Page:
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Fine-Motion Estimation Using Ego/Exo-Cameras
Fine-Motion Estimation Using Ego/Exo-Cameras
ETRI Journal. 2015. Aug, 37(4): 766-771
Copyright © 2015, Electronics and Telecommunications Research Institute (ETRI)
  • Received : May 07, 2014
  • Accepted : April 01, 2015
  • Published : August 01, 2015
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About the Authors
Taeyoung Uhm
Minsoo Ryu
Jong-Il Park

Abstract
Robust motion estimation for human–computer interactions played an important role in a novel method of interaction with electronic devices. Existing pose estimation using a monocular camera employs either ego-motion or exo-motion, both of which are not sufficiently accurate for estimating fine motion due to the motion ambiguity of rotation and translation. This paper presents a hybrid vision-based pose estimation method for fine-motion estimation that is specifically capable of extracting human body motion accurately. The method uses an ego-camera attached to a point of interest and exo-cameras located in the immediate surroundings of the point of interest. The exo-cameras can easily track the exact position of the point of interest by triangulation. Once the position is given, the ego-camera can accurately obtain the point of interest’s orientation. In this way, any ambiguity between rotation and translation is eliminated and the exact motion of a target point (that is, ego-camera) can then be obtained. The proposed method is expected to provide a practical solution for robustly estimating fine motion in a non-contact manner, such as in interactive games that are designed for special purposes (for example, remote rehabilitation care systems).
Keywords
I. Introduction
Recently, vision-based interfaces, which are widely used in many smart devices [1] , are being designed with the help of motion estimation from camera images; for example, a depth camera, in comparison to an RGB camera, can offer different and more useful information for human–computer interaction (HCI) [2] .
Motion estimation using either a single camera or multiple cameras has been used in electronic devices to achieve natural HCI. However, the vision-based methods in [1] [2] are not precise enough for estimating fine motion (for example, breath-induced motion or wrist motion in home environments). To solve this problem, this paper presents a hybrid vision-based pose estimation method for fine-motion estimation that takes advantage of both an ego-camera and exo-cameras, as shown in Fig. 1 . The proposed method can be roughly divided into ego-camera-based and exo-camera-based pose estimation. Pose estimation using an ego-camera is mainly employed for object self-motion (for example, robots, vehicles, and so on) [3] [4] . The ego-motion-based pose estimation methods in [3] [4] for estimating self-position use a large number of background markers or features.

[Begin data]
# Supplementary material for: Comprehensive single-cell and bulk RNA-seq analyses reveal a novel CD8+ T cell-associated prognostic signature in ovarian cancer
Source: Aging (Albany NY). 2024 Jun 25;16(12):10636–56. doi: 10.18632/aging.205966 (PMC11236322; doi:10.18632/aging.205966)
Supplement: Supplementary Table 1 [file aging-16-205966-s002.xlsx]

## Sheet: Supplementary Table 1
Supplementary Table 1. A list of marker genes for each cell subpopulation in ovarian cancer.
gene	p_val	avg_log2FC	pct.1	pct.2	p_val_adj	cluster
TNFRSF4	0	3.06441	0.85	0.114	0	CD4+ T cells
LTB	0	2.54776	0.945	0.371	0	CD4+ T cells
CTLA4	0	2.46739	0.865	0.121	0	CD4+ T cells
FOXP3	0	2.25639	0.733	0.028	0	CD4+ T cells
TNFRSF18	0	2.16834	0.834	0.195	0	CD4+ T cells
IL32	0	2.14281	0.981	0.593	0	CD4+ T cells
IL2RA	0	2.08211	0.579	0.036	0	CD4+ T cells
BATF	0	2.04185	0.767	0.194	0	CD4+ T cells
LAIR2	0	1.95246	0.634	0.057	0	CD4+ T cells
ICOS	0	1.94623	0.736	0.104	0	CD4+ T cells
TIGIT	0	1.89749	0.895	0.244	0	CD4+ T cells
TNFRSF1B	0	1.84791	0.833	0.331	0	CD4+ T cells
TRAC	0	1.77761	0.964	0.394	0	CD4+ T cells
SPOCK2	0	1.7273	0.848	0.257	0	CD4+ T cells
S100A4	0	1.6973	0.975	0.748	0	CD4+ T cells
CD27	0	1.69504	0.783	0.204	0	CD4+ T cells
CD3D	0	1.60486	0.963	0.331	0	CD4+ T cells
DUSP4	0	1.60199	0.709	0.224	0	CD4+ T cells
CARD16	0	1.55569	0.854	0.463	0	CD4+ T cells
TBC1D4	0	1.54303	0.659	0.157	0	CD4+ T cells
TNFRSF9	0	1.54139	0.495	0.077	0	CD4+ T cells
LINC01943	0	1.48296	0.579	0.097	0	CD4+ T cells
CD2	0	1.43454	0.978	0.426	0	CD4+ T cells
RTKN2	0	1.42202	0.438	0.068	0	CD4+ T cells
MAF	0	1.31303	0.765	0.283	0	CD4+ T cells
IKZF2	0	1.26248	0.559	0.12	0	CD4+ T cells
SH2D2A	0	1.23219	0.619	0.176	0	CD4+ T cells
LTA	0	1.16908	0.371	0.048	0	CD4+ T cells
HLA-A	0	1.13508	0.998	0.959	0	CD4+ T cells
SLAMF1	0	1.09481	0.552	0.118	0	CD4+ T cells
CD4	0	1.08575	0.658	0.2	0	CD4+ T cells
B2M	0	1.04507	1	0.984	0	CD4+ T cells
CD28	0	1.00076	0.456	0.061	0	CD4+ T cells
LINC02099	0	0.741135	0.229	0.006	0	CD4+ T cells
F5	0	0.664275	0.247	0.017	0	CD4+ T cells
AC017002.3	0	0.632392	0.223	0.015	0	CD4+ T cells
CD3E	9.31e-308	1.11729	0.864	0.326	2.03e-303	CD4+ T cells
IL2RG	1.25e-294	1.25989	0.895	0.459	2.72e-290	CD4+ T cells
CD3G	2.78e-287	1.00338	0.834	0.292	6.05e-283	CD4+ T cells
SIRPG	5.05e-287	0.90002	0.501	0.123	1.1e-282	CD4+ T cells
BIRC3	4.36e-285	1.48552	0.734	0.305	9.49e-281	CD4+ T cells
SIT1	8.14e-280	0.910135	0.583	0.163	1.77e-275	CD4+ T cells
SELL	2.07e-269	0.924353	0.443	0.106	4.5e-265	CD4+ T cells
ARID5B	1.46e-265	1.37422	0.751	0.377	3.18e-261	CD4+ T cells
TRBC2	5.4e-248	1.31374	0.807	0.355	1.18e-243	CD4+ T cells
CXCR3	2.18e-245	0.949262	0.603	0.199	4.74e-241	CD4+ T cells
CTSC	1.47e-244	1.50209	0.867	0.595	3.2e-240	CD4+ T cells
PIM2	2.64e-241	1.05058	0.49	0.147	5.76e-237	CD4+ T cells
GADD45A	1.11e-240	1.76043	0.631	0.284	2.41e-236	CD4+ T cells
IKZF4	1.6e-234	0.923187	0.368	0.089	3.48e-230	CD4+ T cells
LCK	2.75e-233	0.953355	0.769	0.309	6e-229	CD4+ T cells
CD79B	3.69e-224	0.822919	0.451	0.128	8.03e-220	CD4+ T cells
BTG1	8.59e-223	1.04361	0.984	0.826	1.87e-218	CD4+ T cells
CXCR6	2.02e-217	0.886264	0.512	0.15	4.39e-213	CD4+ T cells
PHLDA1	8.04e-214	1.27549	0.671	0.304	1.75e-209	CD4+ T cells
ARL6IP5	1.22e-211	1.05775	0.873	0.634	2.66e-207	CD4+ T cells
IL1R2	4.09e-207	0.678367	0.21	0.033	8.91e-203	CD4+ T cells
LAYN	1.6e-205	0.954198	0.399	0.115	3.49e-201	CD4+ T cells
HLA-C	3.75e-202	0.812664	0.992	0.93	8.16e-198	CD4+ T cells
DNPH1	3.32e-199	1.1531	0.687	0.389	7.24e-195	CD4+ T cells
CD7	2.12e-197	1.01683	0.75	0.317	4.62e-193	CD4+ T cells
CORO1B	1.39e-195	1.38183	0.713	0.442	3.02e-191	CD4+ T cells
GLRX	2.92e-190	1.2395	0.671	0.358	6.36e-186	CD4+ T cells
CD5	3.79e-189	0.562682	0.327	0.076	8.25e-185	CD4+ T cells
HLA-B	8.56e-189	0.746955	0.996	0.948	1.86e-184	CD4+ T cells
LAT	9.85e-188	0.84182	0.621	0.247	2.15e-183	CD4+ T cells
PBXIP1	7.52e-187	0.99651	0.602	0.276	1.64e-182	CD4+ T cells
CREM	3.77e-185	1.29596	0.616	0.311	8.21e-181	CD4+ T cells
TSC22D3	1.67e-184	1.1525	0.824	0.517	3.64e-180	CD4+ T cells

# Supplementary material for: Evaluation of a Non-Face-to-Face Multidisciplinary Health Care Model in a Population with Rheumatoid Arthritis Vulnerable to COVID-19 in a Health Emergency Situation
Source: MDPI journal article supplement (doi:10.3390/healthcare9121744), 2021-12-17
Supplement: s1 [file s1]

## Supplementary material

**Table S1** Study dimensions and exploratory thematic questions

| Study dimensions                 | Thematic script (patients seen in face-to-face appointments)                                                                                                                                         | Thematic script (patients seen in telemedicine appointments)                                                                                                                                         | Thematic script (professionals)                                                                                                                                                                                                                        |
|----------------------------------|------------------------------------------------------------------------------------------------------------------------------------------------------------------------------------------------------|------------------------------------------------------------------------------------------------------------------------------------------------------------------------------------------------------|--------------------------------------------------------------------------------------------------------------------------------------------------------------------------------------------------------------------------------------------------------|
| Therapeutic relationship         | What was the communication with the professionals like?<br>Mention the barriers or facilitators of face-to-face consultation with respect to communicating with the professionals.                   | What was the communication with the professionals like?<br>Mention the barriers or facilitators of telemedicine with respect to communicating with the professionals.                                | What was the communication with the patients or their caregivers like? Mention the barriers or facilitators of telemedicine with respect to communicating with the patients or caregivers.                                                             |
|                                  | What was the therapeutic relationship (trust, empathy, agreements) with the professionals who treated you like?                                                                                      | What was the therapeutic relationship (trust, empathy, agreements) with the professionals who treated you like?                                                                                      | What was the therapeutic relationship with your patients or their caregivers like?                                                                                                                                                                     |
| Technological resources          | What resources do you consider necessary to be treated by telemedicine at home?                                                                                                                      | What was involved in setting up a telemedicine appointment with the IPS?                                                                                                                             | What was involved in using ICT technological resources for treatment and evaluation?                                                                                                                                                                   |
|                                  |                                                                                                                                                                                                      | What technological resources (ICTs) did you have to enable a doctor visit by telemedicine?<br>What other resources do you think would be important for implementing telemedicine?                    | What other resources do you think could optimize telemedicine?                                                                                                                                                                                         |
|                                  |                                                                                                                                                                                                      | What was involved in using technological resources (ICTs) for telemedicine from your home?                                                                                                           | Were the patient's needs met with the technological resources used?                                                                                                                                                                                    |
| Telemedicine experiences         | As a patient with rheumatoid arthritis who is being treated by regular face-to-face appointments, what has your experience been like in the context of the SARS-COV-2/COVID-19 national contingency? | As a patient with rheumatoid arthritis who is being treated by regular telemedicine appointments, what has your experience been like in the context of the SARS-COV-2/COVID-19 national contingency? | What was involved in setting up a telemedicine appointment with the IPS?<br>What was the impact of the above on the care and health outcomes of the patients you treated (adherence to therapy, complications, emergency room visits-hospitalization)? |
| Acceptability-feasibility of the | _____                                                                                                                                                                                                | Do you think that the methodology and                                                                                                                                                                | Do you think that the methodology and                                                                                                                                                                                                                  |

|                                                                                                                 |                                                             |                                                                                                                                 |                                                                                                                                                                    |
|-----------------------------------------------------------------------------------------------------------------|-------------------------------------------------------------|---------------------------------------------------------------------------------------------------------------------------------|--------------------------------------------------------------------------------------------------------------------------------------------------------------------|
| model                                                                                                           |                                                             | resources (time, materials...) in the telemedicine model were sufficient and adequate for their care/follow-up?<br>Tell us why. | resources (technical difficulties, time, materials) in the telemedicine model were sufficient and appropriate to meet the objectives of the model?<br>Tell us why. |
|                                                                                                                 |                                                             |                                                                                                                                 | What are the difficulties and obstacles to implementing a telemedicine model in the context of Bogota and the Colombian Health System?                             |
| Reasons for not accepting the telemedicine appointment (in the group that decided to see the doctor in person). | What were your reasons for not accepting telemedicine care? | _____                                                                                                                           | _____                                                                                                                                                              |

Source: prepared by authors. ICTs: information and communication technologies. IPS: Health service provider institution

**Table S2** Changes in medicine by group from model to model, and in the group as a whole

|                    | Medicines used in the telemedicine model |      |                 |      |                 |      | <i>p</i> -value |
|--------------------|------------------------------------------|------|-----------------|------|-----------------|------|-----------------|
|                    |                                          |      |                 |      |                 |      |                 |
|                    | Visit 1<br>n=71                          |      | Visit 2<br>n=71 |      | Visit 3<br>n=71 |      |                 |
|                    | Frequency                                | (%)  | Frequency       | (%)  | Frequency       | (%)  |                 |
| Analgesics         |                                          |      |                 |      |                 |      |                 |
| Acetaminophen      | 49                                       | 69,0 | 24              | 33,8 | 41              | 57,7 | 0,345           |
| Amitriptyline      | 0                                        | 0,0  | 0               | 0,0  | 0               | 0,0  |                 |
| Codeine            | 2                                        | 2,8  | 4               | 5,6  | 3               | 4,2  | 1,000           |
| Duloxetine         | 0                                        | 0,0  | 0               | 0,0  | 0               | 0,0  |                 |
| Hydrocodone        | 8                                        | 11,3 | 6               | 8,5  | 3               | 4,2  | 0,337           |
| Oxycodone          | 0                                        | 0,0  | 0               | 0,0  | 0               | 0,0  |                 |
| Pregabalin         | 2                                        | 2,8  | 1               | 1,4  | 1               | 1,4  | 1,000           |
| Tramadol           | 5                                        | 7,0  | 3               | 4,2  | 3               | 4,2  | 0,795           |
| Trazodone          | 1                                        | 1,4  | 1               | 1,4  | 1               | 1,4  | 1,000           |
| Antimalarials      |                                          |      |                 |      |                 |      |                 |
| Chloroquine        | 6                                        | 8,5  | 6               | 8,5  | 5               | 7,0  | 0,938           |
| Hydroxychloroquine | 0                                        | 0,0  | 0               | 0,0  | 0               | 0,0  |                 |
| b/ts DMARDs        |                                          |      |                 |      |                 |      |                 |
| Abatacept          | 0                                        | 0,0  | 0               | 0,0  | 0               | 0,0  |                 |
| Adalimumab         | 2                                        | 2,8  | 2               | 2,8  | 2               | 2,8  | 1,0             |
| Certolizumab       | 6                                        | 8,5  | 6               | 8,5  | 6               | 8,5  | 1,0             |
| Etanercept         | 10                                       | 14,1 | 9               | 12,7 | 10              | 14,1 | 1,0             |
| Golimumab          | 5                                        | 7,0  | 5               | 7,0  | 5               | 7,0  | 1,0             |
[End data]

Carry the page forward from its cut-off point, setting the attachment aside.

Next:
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Example configuration of ego-camera and exo-cameras.
The estimation of ego-motion using a vision method that uses sequential stereo images [5] is limited by the inherent ambiguity of rotation and translation for fine motion [6] .
Exo-camera-based pose estimation by fixed external observation cameras is popular for HCI [7] . This method of estimating a user’s pose involves using attached body markers or depth information with trained body part locators (for example, limbs, torso, head, and so on). Nevertheless, the fact still remains that it is difficult to detect and estimate the exact rotations of a small target object due to the difficulty in distinguishing the object’s fine motions. Moreover, accurate pose estimation often requires complex optimization using non-linear equations [8] [10] .
As the ego-camera-based and exo-camera-based approaches have distinct advantages and disadvantages, it is necessary to develop an effective method that utilizes the advantages of both approaches. The main contribution of this paper lies in developing an efficient algorithm that incorporates the advantages of both systems.
In this paper, we propose a hybrid vision-based pose estimation method for fine-motion estimation that can provide a high degree of accuracy by combining both of the aforementioned approaches. Therefore, in the proposed method, as it has such advantages, there is no need to solve complex non-linear equations to ensure greater accuracy for real-time estimation. The proposed method first estimates the exact position of an ego-camera from two or more given exo-cameras. Then, it accurately estimates the fine rotation of the ego-camera by simple computation using the determined position. For this investigation, the proposed method was compared with a state-of-the-art depth camera by error analysis tasks.